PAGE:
This Friday Burundi marked 29 years since the assassination of its first democratically elected and Hutu president Melchior Ndadaye.
After almost three decades since the assassination of the first democratically elected president in October 1993, the country is still seeking for Truth and Reconciliation after the ethnic violence that led to thousands of people losing their lives.
One of the highlights of the country’s bloody civil war came in 1993 when Burundi’s first democratically elected and Hutu President was assassinated in Burundi’s capital Bujumbura after three months in the office.
The assassination of President Melchior Ndadaye sparked an ethnic violence with thousands of civilians on both Hutu and Tutsi minority ethnic group losing their lives. The violence developed into the decade long Burundi civil war that led to the killing of more than 100,000 people.
According to the result released in 1996 by the United Nations in Ndadaye’s murder, the army command was accused of being responsible for the assassination. The UN investigation report didn’t not name specific figure as being responsible.
Last October, the Truth and Reconciliation Commission (TRC) launched a three weeks activities in Bujumbura giving opportunities to the victims and perpetrators to come out and testify or confess on what happened during the ethnic clashes.
“In 1972 Bujumbura was the capital city of Burundi, we are here after going all round other provinces recently in Muyinga, Kirundo, Bururi, Makamba and Rumonge and other areas where constructions were being held and they found mass graves,” said the president of TRC Pierre Claver Ndayicariye earlier on.
The Truth and Reconciliation Commission found 16 mass graves in Bururi Province during its investigations from February 8 to March 27, 2021, with at least 2,160 victims were exhumed.
In Muyinga 6 mass graves were reported and dug as the commission exhumed the remains of 452 people, Kirundo province 63 mass graves were revealed and the remains of 128 people exhumed from the mass graves.
“There won’t be peace if we don’t know the truth of what happened. Peace is impossible if we don’t snub lies…the lies by hiding behind the political parties and ethnic groups…we always say ethnicity doesn’t kill but bad leadership kills,” said Mr. Ndayicariye.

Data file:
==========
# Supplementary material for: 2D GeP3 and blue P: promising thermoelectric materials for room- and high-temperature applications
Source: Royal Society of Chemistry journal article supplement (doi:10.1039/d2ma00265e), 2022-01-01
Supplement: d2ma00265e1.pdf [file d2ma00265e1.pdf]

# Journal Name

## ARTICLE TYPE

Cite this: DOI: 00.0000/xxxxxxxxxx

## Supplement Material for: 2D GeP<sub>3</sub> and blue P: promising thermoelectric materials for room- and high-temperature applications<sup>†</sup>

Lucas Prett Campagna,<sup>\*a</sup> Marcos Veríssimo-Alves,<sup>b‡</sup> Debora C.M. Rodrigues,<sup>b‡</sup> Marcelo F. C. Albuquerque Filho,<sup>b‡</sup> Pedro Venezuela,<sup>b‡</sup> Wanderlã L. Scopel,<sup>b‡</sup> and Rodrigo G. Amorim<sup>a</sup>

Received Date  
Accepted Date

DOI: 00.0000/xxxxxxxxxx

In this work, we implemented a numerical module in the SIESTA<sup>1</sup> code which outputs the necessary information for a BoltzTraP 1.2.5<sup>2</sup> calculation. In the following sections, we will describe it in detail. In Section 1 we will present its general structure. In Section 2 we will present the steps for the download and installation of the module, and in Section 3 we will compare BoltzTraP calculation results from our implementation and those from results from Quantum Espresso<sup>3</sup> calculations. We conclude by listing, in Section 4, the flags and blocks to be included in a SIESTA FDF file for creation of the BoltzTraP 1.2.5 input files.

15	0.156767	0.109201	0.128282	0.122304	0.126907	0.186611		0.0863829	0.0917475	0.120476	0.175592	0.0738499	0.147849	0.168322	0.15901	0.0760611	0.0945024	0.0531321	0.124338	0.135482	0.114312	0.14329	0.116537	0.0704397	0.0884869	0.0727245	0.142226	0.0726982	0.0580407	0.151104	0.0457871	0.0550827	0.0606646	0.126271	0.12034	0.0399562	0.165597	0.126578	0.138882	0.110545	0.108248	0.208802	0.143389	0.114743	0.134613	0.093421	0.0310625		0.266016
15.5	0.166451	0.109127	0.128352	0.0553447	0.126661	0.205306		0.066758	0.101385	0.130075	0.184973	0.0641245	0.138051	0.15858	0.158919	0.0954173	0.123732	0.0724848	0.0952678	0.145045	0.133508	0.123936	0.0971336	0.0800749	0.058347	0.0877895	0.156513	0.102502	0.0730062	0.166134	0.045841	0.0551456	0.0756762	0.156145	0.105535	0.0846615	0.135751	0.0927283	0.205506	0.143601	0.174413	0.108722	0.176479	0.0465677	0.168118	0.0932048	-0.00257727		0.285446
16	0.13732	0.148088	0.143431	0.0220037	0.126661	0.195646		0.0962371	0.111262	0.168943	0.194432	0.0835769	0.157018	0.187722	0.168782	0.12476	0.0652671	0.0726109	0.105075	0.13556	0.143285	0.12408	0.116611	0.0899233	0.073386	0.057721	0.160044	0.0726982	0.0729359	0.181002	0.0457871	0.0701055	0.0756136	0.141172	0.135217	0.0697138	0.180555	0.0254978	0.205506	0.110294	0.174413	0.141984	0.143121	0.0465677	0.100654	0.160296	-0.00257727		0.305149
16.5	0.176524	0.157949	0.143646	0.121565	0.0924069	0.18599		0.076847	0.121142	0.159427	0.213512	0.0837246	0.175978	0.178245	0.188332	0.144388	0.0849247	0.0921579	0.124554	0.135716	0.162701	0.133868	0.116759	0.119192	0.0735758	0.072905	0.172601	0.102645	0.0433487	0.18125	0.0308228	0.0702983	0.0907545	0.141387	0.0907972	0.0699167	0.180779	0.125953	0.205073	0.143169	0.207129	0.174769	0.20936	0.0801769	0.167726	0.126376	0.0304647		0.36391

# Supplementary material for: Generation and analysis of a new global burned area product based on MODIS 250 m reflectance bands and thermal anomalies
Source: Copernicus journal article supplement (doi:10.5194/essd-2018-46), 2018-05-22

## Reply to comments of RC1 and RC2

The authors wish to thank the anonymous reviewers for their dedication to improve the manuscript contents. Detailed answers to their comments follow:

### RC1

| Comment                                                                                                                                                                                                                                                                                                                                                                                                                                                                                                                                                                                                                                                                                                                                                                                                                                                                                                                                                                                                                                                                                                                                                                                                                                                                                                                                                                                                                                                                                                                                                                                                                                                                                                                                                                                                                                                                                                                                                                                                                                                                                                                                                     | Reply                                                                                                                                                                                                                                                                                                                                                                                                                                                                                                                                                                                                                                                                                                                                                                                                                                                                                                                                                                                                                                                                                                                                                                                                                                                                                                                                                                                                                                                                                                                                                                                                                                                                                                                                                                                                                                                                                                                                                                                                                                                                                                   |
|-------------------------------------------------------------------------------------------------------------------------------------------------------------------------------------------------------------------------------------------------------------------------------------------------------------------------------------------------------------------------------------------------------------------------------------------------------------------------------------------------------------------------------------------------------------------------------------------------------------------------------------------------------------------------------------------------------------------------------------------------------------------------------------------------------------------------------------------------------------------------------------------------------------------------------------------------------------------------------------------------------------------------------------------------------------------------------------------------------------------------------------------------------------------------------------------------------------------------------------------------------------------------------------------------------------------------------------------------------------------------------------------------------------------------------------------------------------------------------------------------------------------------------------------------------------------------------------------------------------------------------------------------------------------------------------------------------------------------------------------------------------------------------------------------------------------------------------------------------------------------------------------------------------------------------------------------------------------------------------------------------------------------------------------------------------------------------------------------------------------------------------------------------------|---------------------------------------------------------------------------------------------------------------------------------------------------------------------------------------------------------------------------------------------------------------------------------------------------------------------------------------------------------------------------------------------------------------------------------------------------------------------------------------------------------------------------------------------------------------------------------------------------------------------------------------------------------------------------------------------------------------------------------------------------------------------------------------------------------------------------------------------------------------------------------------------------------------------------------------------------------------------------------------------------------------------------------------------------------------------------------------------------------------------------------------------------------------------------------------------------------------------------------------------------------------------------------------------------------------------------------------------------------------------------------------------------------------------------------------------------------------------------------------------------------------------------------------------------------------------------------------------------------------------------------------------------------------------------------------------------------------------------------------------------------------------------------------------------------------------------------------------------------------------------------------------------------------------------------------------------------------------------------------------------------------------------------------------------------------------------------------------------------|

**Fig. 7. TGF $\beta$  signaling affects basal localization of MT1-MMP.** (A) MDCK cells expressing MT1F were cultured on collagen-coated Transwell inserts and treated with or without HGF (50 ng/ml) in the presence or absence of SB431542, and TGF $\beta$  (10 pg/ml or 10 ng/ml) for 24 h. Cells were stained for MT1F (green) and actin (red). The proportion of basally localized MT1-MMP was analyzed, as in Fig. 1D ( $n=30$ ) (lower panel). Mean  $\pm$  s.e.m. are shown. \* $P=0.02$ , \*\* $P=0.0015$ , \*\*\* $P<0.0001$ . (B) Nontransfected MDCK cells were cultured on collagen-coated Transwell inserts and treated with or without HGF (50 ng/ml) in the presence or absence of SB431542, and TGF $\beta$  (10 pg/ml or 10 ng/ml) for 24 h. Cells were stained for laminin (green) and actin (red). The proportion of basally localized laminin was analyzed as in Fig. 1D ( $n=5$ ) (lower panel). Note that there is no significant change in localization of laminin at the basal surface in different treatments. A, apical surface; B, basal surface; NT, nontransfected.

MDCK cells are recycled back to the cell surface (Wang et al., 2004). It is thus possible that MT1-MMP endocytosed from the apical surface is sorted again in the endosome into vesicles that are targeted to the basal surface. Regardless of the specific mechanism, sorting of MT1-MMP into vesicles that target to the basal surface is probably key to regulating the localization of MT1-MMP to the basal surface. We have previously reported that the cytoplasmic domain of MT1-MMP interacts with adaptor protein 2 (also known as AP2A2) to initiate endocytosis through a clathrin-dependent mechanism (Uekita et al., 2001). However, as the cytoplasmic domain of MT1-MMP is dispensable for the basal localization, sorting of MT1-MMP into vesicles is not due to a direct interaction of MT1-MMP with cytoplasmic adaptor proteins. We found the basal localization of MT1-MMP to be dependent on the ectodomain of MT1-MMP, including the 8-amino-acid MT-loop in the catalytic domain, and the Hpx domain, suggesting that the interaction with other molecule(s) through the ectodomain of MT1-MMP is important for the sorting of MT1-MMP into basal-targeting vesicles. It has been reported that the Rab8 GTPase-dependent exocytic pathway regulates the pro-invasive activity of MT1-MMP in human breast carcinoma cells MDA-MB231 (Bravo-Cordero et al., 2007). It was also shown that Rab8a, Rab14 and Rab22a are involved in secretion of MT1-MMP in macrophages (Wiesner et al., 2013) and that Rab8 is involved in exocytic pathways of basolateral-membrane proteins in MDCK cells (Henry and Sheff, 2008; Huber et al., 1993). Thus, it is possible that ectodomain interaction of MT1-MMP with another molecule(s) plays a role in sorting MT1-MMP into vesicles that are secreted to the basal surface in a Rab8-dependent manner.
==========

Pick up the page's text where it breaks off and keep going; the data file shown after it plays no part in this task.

The Truth and Reconciliation Commission’s mandate starts from 1885 when many African countries were partitioned, the commission is expected to investigate all the crimes which were committed during the civil in Burundi until 2008.
The Truth and Reconciliation Commission found 8 mass graves with more than 7000 remains of the victims in Karusi, “the perpetrators who are still alive were grappled with fear…because the truth they had hidden for 49 years has started to come out from mass graves, bones, widows, orphans and archives,” said the TRC president Pierre Claver Ndayicariye during the activities last October.
TRC said that thousands of people who were killed included religious leaders, civil servants, business people, lawyers, soldiers and students.
As part of the healing and reconciliation process between Burundians after the brutal ethnic violence that led to hundreds of thousands losing their lives, the 2000 Arusha agreement that put an end to the civil war in the country recommended for the formation of the Truth and Reconciliation Commission.
The Commission was formed in 2014 for the reconciliation of Burundians to soothe and heal the hearts and restore Burundian society on the path of change and equal progress.
The mandate of the TRC is to conduct investigations and establish truth about the serious violations of human rights and international human rights law from 1885 to the date of signing the cease fire agreement with FNL in 2008.
Burundi gained its Independence from Belgium in 1962 one year after the assassination of Prince Louis Rwagasore who is considered as the independence hero for the country.
According to the TRC more than 4000 mass graves were revealed mostly of 1972 when mass killings of the Hutu ethnicity happened ten years after the country gained its independence.
Burundi government in 2018 openly accused former colonizer Belgium for destabilizing the country and playing a role in the civil war that rocked the country for almost 50 years.
Burundian society is composed of Hutu, Tutsi and the Twa ethnic groups, with more than 70% of the 11 million population are from the Hutu ethnic group. The country was ruled dominantly by the Tutsi minority since Independence 1962.